Not only that, but the work is progressing. A denomination of churches is coming into its own—teaching the youth catechism, preaching the Heidelberg Catechism, holding regular orderly meetings of consistory and classis, and seeing the need for a seminary to train their own ministers for the future. Under the blessing of God, the Protestant Reformed Churches in the Philippines are ready for and desire to establish a sister-church relationship with the PRCA. And Synod 2017, with joy, voted to establish such a relationship, to be confirmed after consulting with our sister churches in Northern Ireland and Singapore.

Shall we now leave out of our prayers the Philippines’ churches and the work? Do the Kleyns and Holsteges no longer need the Lord’s strength and blessing? Ought we not rather have more fervent requests? We have even more reason to press the Lord that He would give us another missionary—the work is overwhelming, and the need for theological education expands. Ought we not pray earnestly that God blesses the new sister relationship, as well as the existing relationships for the blessing of all involved and for the glory of His name?

And shall we not pray too that God continues to bless our other contacts—in Germany, Namibia, South Africa, as well as our brothers and sisters in Australia (the Evangelical Presbyterian Church)? And must not we be fervently praying that God will bless other mission projects of individual churches in India and Myanmar, and that He will open doors in North America for a missionary? Without God’s blessing, all these activities are of no value. Let us continue to pray!

Not all of the work of the synod was so positive as these many blessings discussed thus far. As was reported in the preview of the synodical agenda, ten protests and appeals were brought to the Synod of 2017. They involved doctrine—the place of good works in our salvation; practice—admittance to the Lord’s Supper and discipline; and worship—Psalter revision.

In all the synod’s deliberations, it was evident that the churches had been praying, and were still praying as synod met, that the delegates would have wisdom and guidance. It was very obvious. Delegates came to the deliberative assembly with their own views and convictions on these protests and appeals. They were not all of one mind on how to deal with each of these significant matters. Indeed, one doctrinal issue resurrected (by protest) decisions of the Synod of 2016, at which the delegates were quite divided. What would happen at the Synod of 2017, we all wondered.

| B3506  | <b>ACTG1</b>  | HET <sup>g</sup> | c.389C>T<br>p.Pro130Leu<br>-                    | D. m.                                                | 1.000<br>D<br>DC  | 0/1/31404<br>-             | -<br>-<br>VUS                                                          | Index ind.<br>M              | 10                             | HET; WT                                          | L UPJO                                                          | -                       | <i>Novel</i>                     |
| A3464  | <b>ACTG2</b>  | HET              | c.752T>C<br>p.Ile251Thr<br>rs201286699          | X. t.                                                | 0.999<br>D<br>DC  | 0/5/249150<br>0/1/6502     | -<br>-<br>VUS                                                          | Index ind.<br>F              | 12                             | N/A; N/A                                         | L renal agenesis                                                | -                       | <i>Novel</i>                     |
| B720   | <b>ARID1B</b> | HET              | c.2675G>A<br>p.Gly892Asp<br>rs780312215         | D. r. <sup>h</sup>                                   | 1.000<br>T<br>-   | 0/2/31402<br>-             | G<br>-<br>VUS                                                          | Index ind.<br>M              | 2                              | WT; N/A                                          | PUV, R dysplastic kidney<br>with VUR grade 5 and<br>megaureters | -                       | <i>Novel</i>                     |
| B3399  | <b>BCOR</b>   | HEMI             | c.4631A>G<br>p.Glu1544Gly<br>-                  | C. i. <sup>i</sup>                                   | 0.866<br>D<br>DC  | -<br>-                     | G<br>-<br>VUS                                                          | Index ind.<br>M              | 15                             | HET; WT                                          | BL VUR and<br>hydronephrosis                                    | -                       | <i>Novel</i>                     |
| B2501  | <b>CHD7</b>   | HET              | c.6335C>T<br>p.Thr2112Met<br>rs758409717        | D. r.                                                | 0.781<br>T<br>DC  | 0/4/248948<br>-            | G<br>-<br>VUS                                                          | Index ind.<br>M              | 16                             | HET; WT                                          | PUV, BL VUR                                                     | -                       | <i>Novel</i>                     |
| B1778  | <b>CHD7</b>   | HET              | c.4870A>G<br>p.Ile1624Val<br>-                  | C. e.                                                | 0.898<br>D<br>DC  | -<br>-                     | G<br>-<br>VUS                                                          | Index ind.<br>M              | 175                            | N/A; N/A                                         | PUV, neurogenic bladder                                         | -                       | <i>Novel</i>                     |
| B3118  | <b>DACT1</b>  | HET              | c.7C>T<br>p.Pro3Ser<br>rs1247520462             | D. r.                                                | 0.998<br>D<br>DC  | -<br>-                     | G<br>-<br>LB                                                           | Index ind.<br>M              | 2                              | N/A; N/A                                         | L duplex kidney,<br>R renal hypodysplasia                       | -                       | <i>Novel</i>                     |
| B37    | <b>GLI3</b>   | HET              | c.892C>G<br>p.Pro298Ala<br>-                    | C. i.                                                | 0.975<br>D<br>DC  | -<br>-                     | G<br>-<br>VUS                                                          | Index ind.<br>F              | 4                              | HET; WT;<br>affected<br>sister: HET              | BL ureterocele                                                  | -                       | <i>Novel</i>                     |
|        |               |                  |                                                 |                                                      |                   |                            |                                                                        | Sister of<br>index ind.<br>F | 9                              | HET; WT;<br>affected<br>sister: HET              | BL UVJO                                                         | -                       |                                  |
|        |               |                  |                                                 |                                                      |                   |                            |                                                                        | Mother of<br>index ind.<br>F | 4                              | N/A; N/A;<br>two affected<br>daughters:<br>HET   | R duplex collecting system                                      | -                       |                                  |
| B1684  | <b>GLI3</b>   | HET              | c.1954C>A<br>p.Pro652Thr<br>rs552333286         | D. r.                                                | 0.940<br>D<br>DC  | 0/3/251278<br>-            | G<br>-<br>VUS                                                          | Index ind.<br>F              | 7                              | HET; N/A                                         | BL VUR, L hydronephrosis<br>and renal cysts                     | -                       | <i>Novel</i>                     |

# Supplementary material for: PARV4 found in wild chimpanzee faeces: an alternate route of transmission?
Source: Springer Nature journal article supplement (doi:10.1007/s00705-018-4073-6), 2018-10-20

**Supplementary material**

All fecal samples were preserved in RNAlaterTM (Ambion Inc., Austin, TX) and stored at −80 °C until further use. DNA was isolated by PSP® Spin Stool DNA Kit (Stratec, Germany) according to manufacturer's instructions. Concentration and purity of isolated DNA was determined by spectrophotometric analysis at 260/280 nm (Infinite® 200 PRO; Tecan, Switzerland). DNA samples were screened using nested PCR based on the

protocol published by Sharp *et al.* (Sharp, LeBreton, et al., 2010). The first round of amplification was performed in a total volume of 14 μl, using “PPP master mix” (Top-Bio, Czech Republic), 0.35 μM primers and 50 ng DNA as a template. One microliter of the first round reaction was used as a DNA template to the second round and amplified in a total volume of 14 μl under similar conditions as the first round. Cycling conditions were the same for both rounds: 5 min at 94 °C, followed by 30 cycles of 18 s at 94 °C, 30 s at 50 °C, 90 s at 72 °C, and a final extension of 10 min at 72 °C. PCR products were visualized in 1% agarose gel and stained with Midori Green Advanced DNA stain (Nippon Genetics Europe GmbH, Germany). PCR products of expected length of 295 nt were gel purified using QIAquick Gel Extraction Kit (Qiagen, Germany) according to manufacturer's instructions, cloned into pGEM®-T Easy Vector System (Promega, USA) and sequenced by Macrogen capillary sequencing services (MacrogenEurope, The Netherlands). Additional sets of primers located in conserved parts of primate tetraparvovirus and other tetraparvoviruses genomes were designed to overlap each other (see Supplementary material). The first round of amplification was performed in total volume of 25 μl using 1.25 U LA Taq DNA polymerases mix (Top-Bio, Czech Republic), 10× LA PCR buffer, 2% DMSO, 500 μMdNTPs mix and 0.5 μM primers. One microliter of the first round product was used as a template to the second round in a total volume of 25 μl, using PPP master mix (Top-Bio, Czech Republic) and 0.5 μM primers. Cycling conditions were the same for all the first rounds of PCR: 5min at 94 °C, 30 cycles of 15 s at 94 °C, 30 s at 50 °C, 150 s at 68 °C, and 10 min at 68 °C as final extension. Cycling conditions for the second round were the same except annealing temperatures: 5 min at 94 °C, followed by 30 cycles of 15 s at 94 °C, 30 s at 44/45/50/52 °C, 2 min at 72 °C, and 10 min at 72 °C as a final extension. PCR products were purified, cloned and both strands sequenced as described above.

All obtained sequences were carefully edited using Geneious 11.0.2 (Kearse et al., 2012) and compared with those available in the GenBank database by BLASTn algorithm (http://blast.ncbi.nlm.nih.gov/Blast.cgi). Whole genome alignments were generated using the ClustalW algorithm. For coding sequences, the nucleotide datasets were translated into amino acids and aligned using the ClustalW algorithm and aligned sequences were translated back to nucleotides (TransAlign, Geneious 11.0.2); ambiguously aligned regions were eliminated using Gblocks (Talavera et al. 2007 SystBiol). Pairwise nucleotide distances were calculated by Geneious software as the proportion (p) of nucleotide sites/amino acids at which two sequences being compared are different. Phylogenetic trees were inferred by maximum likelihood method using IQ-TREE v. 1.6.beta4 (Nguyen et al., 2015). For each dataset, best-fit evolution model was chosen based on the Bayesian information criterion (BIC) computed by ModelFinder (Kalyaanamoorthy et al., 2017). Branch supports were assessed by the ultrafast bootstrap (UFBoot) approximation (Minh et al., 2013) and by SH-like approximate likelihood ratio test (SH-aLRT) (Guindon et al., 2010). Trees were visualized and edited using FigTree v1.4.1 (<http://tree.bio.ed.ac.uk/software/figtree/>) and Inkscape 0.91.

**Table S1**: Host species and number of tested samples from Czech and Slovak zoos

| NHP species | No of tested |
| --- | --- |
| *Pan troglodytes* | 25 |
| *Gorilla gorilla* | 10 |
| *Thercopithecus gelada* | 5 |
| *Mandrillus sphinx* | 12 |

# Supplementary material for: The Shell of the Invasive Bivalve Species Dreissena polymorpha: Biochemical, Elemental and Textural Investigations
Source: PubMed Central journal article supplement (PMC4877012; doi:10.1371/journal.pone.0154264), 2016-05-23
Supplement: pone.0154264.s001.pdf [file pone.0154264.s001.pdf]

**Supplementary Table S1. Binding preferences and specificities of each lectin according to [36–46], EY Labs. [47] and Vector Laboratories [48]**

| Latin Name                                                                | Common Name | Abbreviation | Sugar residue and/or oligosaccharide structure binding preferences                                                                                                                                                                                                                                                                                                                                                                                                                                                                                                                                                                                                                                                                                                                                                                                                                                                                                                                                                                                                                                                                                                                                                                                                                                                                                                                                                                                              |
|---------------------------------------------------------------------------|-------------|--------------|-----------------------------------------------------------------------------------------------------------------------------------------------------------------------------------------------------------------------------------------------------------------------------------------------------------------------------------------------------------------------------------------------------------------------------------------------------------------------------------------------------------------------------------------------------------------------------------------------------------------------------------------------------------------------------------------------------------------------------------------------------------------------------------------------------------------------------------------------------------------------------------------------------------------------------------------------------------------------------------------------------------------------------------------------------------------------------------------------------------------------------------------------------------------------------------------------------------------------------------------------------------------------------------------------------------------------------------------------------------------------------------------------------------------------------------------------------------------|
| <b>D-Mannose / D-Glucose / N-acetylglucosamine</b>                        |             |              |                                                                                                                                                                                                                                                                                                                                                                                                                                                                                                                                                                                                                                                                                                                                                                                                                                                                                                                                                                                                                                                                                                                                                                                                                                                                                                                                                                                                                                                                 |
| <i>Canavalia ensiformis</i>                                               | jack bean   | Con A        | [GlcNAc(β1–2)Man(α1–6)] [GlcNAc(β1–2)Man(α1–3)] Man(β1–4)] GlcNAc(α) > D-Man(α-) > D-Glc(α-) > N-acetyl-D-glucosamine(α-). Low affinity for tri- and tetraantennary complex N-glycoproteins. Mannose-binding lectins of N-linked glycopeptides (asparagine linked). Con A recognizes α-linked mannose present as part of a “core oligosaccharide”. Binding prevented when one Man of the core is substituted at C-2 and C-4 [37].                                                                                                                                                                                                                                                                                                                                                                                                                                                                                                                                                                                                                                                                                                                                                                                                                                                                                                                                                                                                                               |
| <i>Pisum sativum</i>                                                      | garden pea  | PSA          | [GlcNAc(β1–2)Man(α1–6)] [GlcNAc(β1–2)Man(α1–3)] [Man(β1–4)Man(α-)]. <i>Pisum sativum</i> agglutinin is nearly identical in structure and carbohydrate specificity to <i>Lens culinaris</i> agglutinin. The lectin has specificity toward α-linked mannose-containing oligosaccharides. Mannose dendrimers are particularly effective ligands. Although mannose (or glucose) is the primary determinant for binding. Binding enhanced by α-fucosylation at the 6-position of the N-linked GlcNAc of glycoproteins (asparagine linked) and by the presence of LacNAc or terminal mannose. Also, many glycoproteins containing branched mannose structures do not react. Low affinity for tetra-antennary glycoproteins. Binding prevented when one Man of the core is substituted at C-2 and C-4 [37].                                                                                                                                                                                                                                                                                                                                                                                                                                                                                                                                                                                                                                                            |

The people prayed earnestly and fervently, and the Lord heard. There is no other explanation. There is no other explanation for the unanimity on the matters in the committees that prepared advice through many hours of collective study and writing (and rarely was any material recommitted to the committee). There is no other explanation for the Christian love displayed and the brotherly concern expressed in the discussions, even though the views were sharply and clearly expressed on all sides. And there is no other explanation for the fact that virtually all the motions were adopted unanimously, or very nearly so. God gave wisdom and guidance. The outcome was not what all who were praying hoped for, as regards the actual decisions. But their many petitions for wisdom and guidance God heard.

So, do we cease praying now? The conflicts are over at the synodical level, and the issues settled. The hour of need for the denomination is over, it would seem.

Whether that is the correct perception or not, the burden of this editorial is to urge us neither to reduce the petitions nor to diminish the fervency. Is it not obvious that those who appealed and protested need our prayers, particularly when issues for many still need to be resolved personally? Is it not apparent that troubled congregations, consistories, ministers, and members alike need our prayers for wisdom, humility, guidance, and brotherly love?

We are a praying people. In a time of crisis—the sudden death of a seventeen-year old, a ten-year old diagnosed with leukemia, an unexpected death of a wife or husband—we pray much for those touched by grief and hardship. For a while. All who have gone through such trials testify that they experienced God’s grace, that the prayers of God’s people held them up, and that God provided astounding strength through the prayers. But then we get caught up in the affairs of everyday life, and we neglect praying regularly for these saints. And the loneliness and burden can become overwhelming without the prayers and encouragement of the saints.

Let us not allow that to happen. Beloved saints, be encouraged. God hears and answers prayer. Keep on praying for His indispensable blessing on the decisions of Synod 2017, and on all who are yet struggling. He will hear when we call.